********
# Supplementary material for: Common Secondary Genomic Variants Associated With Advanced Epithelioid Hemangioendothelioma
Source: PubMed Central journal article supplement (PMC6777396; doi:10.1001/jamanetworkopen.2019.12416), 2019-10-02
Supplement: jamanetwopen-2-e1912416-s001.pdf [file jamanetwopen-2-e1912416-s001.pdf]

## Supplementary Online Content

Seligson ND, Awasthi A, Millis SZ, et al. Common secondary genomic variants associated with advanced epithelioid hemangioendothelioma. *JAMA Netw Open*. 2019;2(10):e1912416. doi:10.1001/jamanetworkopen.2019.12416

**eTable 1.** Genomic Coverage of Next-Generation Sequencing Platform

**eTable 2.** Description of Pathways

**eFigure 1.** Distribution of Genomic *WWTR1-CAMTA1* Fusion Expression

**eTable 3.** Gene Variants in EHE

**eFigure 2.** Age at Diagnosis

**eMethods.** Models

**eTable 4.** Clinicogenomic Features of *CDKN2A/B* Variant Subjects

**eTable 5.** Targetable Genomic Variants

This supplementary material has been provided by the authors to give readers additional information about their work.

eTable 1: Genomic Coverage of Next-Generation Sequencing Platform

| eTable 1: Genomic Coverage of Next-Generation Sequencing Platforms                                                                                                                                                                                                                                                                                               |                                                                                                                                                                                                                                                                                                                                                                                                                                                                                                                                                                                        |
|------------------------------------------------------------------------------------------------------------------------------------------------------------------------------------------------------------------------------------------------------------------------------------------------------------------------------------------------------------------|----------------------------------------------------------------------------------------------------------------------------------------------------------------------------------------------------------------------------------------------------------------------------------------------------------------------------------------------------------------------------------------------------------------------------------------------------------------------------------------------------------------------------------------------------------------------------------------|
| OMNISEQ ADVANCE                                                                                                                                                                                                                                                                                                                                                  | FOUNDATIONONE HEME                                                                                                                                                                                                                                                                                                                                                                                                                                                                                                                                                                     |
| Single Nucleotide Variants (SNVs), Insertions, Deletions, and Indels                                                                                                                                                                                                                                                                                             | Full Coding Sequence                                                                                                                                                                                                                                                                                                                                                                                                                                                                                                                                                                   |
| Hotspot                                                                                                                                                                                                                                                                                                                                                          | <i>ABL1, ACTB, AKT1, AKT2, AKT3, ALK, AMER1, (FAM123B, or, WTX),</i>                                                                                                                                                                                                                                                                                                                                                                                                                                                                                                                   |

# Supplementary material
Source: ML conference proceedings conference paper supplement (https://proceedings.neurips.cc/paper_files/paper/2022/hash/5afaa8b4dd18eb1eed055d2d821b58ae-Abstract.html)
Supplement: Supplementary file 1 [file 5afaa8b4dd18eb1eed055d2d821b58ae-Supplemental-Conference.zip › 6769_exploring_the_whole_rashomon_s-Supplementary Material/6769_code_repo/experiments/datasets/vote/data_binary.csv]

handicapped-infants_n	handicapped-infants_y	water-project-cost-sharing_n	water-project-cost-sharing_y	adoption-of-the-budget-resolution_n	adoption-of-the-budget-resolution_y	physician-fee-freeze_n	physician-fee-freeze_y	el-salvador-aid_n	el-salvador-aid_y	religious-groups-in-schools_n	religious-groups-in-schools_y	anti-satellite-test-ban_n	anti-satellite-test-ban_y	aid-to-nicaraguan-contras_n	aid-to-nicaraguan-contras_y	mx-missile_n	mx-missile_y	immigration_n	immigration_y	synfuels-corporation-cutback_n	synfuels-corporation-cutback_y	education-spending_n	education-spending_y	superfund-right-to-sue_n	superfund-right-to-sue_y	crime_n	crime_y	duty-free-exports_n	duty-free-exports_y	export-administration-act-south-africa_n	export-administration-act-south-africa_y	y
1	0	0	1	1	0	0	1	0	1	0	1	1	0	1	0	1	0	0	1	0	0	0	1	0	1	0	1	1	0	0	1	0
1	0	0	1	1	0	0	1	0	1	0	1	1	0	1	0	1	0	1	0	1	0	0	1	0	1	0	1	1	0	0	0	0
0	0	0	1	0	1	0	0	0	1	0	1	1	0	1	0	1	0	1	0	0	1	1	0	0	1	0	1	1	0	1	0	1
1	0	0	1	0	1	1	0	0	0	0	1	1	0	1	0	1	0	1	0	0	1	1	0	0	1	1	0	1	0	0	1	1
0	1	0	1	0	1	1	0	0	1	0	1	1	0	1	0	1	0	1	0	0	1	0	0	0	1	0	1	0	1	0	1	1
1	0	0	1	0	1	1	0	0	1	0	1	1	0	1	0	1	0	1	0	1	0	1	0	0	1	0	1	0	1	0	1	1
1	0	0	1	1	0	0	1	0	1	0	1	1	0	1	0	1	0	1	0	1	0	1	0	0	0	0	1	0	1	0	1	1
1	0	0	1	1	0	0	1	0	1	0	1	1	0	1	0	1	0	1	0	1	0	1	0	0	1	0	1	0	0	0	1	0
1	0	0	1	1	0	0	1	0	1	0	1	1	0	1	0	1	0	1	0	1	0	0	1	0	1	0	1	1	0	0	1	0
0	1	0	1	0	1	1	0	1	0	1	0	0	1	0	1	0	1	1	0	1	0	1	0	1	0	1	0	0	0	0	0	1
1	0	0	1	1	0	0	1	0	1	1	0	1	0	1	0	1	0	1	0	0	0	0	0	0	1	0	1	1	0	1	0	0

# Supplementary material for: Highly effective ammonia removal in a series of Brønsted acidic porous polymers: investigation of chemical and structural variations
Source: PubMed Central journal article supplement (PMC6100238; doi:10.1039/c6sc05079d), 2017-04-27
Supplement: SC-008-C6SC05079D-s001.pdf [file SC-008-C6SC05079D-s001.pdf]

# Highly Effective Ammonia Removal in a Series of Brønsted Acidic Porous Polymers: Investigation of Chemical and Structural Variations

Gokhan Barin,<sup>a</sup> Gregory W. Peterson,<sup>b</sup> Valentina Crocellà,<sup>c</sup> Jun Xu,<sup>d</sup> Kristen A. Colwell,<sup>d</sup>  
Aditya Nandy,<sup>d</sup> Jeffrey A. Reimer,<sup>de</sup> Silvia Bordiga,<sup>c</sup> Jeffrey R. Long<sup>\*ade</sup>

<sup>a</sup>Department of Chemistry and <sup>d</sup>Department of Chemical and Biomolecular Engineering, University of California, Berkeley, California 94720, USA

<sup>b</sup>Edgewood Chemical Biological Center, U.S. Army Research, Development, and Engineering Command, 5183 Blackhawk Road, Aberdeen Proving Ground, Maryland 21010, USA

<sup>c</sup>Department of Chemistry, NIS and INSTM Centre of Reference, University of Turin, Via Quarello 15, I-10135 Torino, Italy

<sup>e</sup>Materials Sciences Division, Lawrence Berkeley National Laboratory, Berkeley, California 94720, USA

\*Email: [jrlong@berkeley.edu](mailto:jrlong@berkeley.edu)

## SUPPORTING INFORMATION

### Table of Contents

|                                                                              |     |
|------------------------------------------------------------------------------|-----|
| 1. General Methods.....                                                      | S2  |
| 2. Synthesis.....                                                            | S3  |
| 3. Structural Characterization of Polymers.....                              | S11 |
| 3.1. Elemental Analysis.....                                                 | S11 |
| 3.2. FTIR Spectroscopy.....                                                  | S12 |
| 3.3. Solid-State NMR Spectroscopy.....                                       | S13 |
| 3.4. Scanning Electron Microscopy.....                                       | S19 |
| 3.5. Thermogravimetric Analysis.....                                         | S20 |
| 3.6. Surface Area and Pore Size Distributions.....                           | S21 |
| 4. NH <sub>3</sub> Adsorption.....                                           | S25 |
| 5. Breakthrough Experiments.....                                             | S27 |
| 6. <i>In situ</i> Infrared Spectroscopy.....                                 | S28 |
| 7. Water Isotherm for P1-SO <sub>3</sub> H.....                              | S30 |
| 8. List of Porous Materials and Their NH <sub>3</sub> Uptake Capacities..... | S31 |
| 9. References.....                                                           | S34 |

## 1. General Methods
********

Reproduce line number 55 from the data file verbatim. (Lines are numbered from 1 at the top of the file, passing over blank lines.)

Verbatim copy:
| 3.2. FTIR Spectroscopy.....                                                  | S12 |